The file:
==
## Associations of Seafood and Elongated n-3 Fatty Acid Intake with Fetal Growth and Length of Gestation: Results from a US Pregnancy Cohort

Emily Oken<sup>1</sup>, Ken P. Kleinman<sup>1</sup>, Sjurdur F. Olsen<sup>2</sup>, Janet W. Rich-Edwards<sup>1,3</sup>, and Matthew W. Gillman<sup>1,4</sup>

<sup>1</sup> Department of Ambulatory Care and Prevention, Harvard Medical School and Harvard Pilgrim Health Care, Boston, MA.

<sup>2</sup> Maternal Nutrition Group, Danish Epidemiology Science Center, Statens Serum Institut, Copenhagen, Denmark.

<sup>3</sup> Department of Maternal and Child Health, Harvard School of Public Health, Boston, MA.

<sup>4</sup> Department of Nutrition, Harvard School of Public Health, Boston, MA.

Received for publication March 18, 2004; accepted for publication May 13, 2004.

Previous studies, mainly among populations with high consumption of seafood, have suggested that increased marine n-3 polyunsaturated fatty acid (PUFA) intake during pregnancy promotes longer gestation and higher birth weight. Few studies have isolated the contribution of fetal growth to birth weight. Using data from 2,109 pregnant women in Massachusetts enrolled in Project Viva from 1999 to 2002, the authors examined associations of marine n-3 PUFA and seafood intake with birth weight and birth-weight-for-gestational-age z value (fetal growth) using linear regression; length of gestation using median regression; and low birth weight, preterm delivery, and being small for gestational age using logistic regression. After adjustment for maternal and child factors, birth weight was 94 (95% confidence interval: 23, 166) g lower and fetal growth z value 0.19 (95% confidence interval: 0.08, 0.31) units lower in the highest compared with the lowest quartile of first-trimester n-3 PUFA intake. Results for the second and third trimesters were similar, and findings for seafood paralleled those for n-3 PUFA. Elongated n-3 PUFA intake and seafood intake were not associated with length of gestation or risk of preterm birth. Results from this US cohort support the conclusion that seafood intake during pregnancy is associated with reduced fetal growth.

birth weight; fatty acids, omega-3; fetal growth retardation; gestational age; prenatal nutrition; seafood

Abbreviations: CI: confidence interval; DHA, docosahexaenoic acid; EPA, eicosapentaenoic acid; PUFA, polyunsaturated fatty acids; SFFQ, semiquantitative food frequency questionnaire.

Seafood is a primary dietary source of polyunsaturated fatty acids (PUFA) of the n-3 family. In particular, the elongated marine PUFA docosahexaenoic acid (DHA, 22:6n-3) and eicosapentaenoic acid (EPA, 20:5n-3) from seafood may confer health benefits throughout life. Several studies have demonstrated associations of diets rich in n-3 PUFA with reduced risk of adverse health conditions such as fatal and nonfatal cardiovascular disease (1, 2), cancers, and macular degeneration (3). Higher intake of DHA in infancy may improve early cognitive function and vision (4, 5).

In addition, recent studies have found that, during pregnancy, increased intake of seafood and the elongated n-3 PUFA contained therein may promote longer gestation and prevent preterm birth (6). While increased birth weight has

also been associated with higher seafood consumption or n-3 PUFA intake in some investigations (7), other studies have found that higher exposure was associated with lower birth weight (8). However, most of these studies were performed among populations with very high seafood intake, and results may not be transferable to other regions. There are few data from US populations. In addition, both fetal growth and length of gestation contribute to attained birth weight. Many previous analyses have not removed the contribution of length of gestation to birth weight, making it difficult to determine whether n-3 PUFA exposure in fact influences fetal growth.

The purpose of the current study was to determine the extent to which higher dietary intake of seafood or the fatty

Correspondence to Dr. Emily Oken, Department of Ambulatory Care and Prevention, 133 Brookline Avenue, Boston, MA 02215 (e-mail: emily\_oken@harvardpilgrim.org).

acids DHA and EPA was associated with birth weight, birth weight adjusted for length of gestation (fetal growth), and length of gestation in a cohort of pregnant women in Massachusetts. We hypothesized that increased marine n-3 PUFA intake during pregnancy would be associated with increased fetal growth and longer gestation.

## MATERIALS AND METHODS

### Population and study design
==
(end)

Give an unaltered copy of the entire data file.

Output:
## Associations of Seafood and Elongated n-3 Fatty Acid Intake with Fetal Growth and Length of Gestation: Results from a US Pregnancy Cohort

Emily Oken<sup>1</sup>, Ken P. Kleinman<sup>1</sup>, Sjurdur F. Olsen<sup>2</sup>, Janet W. Rich-Edwards<sup>1,3</sup>, and Matthew W. Gillman<sup>1,4</sup>

<sup>1</sup> Department of Ambulatory Care and Prevention, Harvard Medical School and Harvard Pilgrim Health Care, Boston, MA.

<sup>2</sup> Maternal Nutrition Group, Danish Epidemiology Science Center, Statens Serum Institut, Copenhagen, Denmark.

<sup>3</sup> Department of Maternal and Child Health, Harvard School of Public Health, Boston, MA.

<sup>4</sup> Department of Nutrition, Harvard School of Public Health, Boston, MA.

Received for publication March 18, 2004; accepted for publication May 13, 2004.

Previous studies, mainly among populations with high consumption of seafood, have suggested that increased marine n-3 polyunsaturated fatty acid (PUFA) intake during pregnancy promotes longer gestation and higher birth weight. Few studies have isolated the contribution of fetal growth to birth weight. Using data from 2,109 pregnant women in Massachusetts enrolled in Project Viva from 1999 to 2002, the authors examined associations of marine n-3 PUFA and seafood intake with birth weight and birth-weight-for-gestational-age z value (fetal growth) using linear regression; length of gestation using median regression; and low birth weight, preterm delivery, and being small for gestational age using logistic regression. After adjustment for maternal and child factors, birth weight was 94 (95% confidence interval: 23, 166) g lower and fetal growth z value 0.19 (95% confidence interval: 0.08, 0.31) units lower in the highest compared with the lowest quartile of first-trimester n-3 PUFA intake. Results for the second and third trimesters were similar, and findings for seafood paralleled those for n-3 PUFA. Elongated n-3 PUFA intake and seafood intake were not associated with length of gestation or risk of preterm birth. Results from this US cohort support the conclusion that seafood intake during pregnancy is associated with reduced fetal growth.

birth weight; fatty acids, omega-3; fetal growth retardation; gestational age; prenatal nutrition; seafood

Abbreviations: CI: confidence interval; DHA, docosahexaenoic acid; EPA, eicosapentaenoic acid; PUFA, polyunsaturated fatty acids; SFFQ, semiquantitative food frequency questionnaire.

Seafood is a primary dietary source of polyunsaturated fatty acids (PUFA) of the n-3 family. In particular, the elongated marine PUFA docosahexaenoic acid (DHA, 22:6n-3) and eicosapentaenoic acid (EPA, 20:5n-3) from seafood may confer health benefits throughout life. Several studies have demonstrated associations of diets rich in n-3 PUFA with reduced risk of adverse health conditions such as fatal and nonfatal cardiovascular disease (1, 2), cancers, and macular degeneration (3). Higher intake of DHA in infancy may improve early cognitive function and vision (4, 5).

In addition, recent studies have found that, during pregnancy, increased intake of seafood and the elongated n-3 PUFA contained therein may promote longer gestation and prevent preterm birth (6). While increased birth weight has

also been associated with higher seafood consumption or n-3 PUFA intake in some investigations (7), other studies have found that higher exposure was associated with lower birth weight (8). However, most of these studies were performed among populations with very high seafood intake, and results may not be transferable to other regions. There are few data from US populations. In addition, both fetal growth and length of gestation contribute to attained birth weight. Many previous analyses have not removed the contribution of length of gestation to birth weight, making it difficult to determine whether n-3 PUFA exposure in fact influences fetal growth.

The purpose of the current study was to determine the extent to which higher dietary intake of seafood or the fatty

Correspondence to Dr. Emily Oken, Department of Ambulatory Care and Prevention, 133 Brookline Avenue, Boston, MA 02215 (e-mail: emily\_oken@harvardpilgrim.org).

acids DHA and EPA was associated with birth weight, birth weight adjusted for length of gestation (fetal growth), and length of gestation in a cohort of pregnant women in Massachusetts. We hypothesized that increased marine n-3 PUFA intake during pregnancy would be associated with increased fetal growth and longer gestation.

## MATERIALS AND METHODS

### Population and study design